How Traders Get Taxed

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The first thing to note when diving into the world of taxes for traders is that profits made aren’t considered earned income but rather capital gains.

Two ways trading taxes are classified in the United States

In the United States, Traders have two options for reporting and paying taxes on trading. You can file earnings under section 988 or section 1256 with the Internal Revenue Service.

Section 988

Section 988 is a tax regulation governing capital gains or losses on investments held in foreing currency.

These capital gasins will be taxes as ordinary income.

It’s important to understand that the US tax code make a distinction between the short term and long term capital gains. The tax on long term capital gains can range from 0% to 20%, depending on the amount of annual earnings brought in by the trader.

With section 988, the actual amount that Forex Traders will pay for their profits does depend on the tax bracket they fall into.

If the trader files their earnings under this section, the effective tax rate can be anywhere from 0% to 37%.

Below is an example of the different tax brackets in the US:

A major benefit for traders filing their trading earnings under section 988 is the fact that they can use the total amount of their net losses to reduce their taxable income

For an example, let’s say that a trader had a $20,000 live account. The trader opened a long position on GBP/JPY and the market moved against his position. By the time he closed he was down $3,000. This trader can now file this loss on their trading returns under section 988 and reduce their taxable income by that $3,000.

So for an example let’s say that the trader made altogether $125,000 that year. The traders taxable income would now be $122,000. Since they’d be in the 22% tax bracket, the trader would have saved $660 in owed taxes.

Section 1256

What makes a Section 1256 contract unique is that each position held by a taxpayer at the end of the tax year is treated as if it was sold for its fair market value, and gains or losses are treated as either short-term or long-term capital gains.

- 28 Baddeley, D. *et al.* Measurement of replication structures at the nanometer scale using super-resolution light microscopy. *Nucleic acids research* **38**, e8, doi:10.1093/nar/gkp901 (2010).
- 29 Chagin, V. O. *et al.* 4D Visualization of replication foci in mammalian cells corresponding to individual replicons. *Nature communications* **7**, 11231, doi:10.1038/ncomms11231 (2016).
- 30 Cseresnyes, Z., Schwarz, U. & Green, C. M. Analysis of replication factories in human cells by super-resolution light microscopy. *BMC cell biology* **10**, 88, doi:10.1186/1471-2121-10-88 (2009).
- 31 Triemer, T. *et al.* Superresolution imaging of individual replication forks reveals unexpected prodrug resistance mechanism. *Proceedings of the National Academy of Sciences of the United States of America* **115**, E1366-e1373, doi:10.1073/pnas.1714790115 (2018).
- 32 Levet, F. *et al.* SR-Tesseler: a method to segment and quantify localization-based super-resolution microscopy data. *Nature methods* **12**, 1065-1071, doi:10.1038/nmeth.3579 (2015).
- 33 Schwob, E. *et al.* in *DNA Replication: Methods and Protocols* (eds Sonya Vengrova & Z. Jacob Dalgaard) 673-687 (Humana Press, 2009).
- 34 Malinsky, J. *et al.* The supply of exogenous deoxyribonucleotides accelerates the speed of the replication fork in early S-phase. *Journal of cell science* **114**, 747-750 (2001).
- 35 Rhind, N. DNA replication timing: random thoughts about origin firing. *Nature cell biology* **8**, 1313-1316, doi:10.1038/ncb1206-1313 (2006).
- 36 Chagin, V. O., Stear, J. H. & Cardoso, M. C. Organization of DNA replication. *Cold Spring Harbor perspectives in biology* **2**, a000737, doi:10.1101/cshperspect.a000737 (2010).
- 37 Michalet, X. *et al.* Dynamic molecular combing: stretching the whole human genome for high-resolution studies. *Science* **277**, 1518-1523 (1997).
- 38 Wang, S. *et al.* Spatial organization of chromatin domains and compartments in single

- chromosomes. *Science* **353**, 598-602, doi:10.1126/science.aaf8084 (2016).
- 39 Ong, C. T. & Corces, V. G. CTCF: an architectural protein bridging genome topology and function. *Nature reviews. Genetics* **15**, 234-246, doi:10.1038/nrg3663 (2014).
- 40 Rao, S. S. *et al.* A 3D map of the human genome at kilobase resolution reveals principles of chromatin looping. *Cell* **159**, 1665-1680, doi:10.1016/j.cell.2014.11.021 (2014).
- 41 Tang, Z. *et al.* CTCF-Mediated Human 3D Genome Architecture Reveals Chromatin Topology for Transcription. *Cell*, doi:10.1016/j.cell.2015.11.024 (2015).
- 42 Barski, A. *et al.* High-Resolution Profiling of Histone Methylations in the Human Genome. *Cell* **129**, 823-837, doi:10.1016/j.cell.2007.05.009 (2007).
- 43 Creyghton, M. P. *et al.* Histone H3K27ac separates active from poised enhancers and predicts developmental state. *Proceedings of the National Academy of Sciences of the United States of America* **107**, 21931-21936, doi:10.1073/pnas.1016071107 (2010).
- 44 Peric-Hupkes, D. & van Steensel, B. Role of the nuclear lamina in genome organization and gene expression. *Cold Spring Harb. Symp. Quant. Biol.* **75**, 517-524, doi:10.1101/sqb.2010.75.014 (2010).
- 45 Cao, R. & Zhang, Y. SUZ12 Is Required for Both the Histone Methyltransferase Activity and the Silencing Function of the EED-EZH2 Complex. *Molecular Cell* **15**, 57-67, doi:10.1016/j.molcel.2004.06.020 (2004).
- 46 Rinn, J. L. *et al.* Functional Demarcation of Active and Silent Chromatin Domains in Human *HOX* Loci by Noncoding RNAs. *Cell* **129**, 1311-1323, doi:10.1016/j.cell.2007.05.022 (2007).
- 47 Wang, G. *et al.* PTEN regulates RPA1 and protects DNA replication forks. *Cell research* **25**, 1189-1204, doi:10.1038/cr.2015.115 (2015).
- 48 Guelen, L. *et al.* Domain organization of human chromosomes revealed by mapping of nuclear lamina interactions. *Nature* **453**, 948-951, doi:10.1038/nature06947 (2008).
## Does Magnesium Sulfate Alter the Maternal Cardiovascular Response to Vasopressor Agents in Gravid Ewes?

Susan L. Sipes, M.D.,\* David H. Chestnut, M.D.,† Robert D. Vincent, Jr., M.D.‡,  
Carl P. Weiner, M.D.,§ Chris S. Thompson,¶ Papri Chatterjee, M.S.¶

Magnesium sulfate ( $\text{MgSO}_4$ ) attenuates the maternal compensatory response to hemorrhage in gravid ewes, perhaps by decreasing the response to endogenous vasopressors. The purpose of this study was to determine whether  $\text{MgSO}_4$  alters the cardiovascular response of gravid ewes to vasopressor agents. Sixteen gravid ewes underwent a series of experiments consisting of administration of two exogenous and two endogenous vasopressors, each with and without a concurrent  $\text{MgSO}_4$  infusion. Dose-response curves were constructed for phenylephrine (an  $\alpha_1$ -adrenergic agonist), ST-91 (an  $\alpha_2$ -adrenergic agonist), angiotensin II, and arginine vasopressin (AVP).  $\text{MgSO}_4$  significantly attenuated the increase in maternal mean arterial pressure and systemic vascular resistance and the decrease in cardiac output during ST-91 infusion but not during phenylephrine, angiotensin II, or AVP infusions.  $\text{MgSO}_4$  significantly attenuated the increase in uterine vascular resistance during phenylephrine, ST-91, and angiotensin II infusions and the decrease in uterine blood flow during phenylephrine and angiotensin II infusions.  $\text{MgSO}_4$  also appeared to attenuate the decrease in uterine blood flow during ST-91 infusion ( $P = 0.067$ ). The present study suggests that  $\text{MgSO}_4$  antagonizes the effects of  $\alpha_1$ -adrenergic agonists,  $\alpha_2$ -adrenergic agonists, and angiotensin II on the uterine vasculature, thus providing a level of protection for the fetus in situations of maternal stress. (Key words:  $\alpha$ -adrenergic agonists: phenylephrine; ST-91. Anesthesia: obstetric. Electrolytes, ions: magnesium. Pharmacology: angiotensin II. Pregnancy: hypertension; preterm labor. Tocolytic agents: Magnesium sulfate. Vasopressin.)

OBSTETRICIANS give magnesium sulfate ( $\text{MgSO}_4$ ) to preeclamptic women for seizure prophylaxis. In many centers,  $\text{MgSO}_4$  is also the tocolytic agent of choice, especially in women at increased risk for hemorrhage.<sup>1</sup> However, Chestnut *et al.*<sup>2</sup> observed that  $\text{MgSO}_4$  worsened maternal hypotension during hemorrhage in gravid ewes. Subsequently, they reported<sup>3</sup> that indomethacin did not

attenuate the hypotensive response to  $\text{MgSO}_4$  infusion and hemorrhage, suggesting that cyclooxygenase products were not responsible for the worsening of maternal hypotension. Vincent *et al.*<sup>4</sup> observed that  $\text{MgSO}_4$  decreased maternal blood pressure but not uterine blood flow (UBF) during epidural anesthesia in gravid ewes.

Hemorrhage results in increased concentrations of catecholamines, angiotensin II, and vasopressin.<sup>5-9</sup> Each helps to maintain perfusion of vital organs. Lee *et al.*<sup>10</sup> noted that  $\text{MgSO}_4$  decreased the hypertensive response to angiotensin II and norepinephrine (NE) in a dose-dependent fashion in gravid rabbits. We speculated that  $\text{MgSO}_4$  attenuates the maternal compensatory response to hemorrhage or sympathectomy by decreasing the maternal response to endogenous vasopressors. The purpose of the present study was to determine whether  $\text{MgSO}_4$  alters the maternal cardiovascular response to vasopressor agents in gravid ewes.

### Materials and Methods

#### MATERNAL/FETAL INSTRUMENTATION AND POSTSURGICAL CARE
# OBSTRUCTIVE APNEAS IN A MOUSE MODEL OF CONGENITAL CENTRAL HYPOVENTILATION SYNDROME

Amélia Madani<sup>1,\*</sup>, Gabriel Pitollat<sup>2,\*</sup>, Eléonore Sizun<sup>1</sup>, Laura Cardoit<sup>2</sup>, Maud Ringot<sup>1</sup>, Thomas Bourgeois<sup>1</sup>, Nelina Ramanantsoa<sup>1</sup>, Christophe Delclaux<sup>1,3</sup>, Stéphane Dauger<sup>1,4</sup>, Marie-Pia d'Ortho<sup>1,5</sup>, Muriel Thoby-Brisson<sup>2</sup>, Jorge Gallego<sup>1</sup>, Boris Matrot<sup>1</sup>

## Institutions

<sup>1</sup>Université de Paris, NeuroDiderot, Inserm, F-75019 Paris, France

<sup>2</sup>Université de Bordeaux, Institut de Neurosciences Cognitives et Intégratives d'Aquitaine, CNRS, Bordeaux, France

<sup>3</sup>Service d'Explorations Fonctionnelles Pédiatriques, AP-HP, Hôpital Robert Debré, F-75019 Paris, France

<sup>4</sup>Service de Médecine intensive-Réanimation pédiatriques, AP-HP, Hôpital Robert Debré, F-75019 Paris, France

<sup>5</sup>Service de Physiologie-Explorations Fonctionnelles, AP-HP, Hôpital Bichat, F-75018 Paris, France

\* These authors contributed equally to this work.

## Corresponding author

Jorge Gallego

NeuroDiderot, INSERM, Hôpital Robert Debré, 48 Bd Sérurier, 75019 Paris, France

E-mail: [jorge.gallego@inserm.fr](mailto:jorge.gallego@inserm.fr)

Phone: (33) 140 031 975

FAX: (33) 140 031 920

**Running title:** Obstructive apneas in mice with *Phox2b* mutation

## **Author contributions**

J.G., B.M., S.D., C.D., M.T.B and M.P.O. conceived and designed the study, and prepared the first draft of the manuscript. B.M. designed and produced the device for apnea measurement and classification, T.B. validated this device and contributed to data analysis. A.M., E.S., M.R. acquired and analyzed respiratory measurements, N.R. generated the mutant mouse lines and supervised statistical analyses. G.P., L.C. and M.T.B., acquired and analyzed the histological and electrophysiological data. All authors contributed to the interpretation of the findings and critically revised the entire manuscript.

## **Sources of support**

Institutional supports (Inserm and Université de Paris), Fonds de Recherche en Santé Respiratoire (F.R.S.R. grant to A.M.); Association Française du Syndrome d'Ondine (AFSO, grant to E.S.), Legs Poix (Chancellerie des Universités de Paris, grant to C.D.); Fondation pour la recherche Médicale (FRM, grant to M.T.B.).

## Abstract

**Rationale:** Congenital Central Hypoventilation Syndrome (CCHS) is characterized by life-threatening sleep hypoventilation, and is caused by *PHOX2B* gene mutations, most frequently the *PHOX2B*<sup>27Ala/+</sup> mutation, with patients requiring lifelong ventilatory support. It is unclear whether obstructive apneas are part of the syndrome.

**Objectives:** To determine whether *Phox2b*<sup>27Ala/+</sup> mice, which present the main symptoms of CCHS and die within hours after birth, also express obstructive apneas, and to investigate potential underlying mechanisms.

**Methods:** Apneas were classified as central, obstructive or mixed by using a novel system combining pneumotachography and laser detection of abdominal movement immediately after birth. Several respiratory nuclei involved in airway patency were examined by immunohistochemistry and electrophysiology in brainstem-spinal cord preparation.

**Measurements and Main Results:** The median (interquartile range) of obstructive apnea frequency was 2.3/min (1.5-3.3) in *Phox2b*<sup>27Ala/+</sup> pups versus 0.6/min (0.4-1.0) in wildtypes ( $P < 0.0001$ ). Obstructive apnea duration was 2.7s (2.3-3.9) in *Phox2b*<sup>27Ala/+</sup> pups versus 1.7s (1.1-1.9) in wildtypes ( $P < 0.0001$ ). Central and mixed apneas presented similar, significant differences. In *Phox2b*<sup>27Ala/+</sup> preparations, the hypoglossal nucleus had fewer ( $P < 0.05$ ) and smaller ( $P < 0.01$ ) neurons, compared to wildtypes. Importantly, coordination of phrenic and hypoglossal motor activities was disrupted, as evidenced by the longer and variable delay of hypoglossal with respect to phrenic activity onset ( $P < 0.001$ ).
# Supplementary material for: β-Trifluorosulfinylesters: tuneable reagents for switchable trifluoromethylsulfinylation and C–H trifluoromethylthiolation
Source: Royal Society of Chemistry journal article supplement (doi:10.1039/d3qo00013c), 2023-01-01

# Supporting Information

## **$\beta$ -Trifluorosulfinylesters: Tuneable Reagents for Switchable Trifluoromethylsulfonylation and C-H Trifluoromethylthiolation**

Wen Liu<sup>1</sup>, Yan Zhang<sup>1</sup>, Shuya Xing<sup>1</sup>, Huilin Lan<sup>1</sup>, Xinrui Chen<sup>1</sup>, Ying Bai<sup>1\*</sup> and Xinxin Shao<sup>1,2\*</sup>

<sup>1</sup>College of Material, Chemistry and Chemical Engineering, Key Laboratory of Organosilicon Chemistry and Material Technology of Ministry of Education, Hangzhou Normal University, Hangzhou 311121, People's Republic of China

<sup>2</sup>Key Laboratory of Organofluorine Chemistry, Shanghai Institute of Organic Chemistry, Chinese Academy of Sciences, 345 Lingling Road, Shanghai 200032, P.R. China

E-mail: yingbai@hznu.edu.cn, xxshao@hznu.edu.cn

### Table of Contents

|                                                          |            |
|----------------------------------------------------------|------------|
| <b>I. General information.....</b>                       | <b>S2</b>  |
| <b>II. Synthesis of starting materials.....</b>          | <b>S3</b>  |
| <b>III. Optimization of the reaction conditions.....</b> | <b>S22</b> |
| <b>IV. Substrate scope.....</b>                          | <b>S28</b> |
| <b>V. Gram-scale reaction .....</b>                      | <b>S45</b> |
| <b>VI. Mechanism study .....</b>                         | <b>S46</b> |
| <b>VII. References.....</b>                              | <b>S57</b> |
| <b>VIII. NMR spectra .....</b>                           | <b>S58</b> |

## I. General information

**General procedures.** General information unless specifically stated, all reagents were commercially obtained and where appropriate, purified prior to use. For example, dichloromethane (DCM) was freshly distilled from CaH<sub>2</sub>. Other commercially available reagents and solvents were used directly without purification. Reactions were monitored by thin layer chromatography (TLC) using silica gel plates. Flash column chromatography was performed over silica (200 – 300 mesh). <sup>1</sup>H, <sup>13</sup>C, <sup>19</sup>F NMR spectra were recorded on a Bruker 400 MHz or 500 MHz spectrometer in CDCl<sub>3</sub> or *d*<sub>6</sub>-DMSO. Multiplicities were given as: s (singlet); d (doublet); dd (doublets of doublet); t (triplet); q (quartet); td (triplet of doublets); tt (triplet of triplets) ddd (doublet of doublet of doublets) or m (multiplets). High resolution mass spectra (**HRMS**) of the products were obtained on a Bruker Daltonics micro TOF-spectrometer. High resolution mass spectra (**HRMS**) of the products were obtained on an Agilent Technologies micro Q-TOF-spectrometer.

For example, Let’s say a trader went long on EUR/USD on May 5, 2020. At the end of the tax year, Dec. 31, he still has the trade open and it is valued at $29,000 in profit. His mark-to-market profit is $29,000 and he reports this on Form 6781, treated as 60% long-term and 40% short-term capital gain. On Jan. 30, 2021, he closed his long position for $26,000. Since he has already recognized a $29,000 gain on his 2017 tax return, he will record a $3,000 loss (calculated as $26,000 minus $29,000) on his 2021 tax return, treated as 60% long-term and 40% short-term capital loss.

In this case, 60% of traders’ annual earnings will be taxed at a fixed rate of 15%, while the other 40% will be taxed at the rate of the taxpayer’s tax bracket, which can range from 10% to 37%. This can be an attractive option for those traders with a 22% tax bracket or higher.

For example, Let’s say the trade has a $150,000 annual income. Let’s say that $30,000 out of $150,000 came in from Forex trading. Therefore, if he decides to file those earnings under section 988, then the effective capital gains tax will be 22%. Therefore, the total amount which should be paid in taxes will be $30,000 x 0.22, which is $6,600.

On the other hand, if he decides to file his trading earnings under section 1256, in this case, 60% of the amount, which is $18,000 out of $30,000, will be taxed at 15% and the remaining $12,000 will be taxed at 22%. Therefore, the total amount of tax will be $2,700 + $2,640, which is $5,340. So in this case he will be able to save $1,260.